The Tender Bar Review 3

When it comes to the women, Lily and Briana's characters are mere plot points to drive J.R.'s narrative, but still make a mildly considerable, if not fleeting, 'charming' impact. Even Rhenzy Feliz as J.R.'s Yale mate Wesley is a crackling presence, in a limited timeframe, as his close friend's 'real' voice of reason, rather than the overused narration shtick in any memoir adaptations (Here, Ron Livington lends his voice as a present J.R.!). Max Casella, Michael Braun and Matthew Delameter, as the ragtag Dickens' regulars Chief, Bobo and Joey D, are a hoot to watch, especially when they bond with J.R., while Bill Meleady's short cameo as a priest on the train that regularly encounters J.R. fills the quota of breezy breather sequences.

What makes The Tender Bar a surprisingly pleasant watch is that there really isn't a "cause and effect" motion stirring for any of the characters. No real drastic change really occurs at any point and there isn't a grand existential crisis solved. Instead, it's exactly how a memoir-turned-big-screen adaptation, that spans over 15 years in '70s backdrop, would seem like in real time. In what seems like chapters, J.R.'s life is treated in a realistic and less dramatic undertone, where not everything tends to work out. And you know what, that's okay too! George Clooney's direction; though some would find it a humdrum, mundane maze, I found to be quite profound. The Tender Bar feels less of a memoir and more of a love letter to Uncle Charlie from J.R. and maybe that's exactly what the real life J.R. and Clooney were aiming for.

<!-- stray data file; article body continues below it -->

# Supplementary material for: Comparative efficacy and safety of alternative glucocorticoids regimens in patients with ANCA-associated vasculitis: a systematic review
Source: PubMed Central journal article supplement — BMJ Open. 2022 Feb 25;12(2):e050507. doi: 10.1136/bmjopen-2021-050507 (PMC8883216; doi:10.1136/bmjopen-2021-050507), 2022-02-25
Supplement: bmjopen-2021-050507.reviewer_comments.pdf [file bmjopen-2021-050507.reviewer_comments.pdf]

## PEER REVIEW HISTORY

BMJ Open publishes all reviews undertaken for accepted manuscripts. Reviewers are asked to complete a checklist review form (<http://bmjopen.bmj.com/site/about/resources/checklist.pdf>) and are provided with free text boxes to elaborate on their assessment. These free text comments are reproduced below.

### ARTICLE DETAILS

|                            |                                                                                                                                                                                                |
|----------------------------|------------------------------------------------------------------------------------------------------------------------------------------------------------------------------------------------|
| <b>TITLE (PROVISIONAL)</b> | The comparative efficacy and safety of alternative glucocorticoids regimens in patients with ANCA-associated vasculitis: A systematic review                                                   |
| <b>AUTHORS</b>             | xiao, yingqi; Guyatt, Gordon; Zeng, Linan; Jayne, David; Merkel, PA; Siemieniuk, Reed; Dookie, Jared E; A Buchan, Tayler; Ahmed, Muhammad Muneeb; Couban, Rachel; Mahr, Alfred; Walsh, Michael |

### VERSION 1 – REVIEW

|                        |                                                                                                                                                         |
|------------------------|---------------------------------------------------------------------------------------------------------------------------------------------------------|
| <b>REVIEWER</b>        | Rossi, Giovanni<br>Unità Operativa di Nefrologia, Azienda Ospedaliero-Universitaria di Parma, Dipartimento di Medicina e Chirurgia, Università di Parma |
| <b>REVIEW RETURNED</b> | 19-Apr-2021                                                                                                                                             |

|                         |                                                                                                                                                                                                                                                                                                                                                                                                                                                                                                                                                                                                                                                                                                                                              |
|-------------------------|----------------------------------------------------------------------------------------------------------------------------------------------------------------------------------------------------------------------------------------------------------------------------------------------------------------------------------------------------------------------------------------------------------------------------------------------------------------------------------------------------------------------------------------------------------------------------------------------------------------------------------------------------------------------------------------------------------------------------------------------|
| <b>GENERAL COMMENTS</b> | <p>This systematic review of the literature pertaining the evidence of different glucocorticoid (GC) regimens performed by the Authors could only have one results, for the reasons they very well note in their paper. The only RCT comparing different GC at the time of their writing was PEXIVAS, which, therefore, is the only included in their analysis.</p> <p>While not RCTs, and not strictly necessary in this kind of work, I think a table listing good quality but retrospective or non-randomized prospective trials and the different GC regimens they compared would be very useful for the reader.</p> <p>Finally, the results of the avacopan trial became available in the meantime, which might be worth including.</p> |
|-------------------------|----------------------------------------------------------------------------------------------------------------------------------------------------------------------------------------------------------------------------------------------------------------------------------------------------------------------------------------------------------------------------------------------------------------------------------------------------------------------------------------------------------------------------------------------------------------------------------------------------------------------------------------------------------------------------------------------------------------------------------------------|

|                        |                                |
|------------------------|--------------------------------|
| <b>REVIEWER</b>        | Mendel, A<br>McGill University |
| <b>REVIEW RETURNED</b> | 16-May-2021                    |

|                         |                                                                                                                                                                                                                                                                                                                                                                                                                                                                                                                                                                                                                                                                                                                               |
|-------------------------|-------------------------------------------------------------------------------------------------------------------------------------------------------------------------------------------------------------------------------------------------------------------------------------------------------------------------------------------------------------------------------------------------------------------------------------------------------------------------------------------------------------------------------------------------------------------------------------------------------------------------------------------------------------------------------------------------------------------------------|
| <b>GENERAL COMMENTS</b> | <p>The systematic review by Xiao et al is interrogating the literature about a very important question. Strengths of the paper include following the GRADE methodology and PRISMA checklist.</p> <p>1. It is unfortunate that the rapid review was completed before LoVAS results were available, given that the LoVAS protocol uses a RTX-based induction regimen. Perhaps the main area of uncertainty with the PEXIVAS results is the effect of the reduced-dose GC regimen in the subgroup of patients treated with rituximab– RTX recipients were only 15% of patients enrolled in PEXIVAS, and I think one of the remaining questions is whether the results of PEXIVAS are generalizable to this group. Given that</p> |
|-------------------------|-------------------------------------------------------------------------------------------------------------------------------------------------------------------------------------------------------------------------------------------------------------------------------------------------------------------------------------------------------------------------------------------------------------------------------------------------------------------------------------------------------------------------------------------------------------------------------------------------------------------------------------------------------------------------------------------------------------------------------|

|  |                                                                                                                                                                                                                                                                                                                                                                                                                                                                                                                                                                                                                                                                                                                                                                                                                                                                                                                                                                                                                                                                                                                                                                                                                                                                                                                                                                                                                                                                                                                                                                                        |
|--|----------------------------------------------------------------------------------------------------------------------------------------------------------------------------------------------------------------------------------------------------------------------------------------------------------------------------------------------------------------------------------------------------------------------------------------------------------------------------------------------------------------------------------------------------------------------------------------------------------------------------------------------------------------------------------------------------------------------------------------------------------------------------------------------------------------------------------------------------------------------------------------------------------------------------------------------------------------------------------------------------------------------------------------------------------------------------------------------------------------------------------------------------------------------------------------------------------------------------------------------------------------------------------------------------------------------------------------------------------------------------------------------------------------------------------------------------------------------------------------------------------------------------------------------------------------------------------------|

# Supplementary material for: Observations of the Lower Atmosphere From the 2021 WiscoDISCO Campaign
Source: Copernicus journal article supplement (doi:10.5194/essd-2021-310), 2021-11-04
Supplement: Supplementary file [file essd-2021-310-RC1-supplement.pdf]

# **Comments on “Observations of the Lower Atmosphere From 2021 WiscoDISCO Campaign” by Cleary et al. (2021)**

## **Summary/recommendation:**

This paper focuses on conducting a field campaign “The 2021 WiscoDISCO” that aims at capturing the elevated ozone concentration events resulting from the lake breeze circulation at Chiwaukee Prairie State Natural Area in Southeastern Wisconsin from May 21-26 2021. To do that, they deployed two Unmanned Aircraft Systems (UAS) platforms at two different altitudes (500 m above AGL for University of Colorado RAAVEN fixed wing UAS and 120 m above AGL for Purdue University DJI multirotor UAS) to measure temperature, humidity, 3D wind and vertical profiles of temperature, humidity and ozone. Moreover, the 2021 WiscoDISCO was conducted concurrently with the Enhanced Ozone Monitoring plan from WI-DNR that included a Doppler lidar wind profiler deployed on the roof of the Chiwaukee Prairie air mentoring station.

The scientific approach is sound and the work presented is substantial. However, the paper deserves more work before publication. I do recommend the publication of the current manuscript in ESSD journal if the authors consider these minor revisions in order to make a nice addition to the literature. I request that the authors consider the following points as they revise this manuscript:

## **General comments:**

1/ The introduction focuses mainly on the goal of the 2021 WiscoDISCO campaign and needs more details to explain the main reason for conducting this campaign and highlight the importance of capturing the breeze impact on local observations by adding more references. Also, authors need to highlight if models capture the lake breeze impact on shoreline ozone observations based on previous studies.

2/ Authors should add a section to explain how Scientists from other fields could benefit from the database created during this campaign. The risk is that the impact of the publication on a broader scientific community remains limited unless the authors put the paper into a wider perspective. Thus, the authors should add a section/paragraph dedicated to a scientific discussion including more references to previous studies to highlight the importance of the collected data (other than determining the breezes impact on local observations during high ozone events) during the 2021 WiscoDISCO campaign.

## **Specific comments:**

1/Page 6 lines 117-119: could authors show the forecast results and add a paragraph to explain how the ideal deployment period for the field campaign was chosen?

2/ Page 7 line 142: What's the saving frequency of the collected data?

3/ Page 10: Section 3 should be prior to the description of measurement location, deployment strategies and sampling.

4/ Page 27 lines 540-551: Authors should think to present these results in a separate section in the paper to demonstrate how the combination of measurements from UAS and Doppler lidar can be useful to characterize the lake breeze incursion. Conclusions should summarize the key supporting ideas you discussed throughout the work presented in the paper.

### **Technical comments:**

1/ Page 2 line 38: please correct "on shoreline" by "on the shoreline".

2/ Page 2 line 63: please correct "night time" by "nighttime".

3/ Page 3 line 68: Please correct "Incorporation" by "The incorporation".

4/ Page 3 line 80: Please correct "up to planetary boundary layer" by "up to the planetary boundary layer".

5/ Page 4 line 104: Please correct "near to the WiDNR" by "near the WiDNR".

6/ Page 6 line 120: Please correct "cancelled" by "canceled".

ALSO READ: PICS: Ben Affleck and Jennifer Lopez look truly, madly and deeply smitten in love at The Tender Bar premiere

With a slow burn narrative like in The Tender Bar, William Monahan's screenplay elusively truncates it to J.R.'s identity crisis. It's as simple as using "." in his name and the confusion surrounding it; does it signify an abbreviation for a longer name or is it simply Junior, which in turn is related to his abandoning father? More importantly, The Tender Bar, set in the '70s is extremely loud yet quiet about its backdrop and setting. Martin Ruhe's discreet cinematography, Kalina Ivanov's ultra-fine production design (Boston makes for a good Long Island) and Dara Taylor's "classic tunes" music never overshadow the main hero of the story; its humble characters.

In finality, The Tender Bar, for me, is an extremely "tender" and intelligent take where Ben Affleck's Uncle Charlie, the uncle we wish we had, has the cake and eats it too!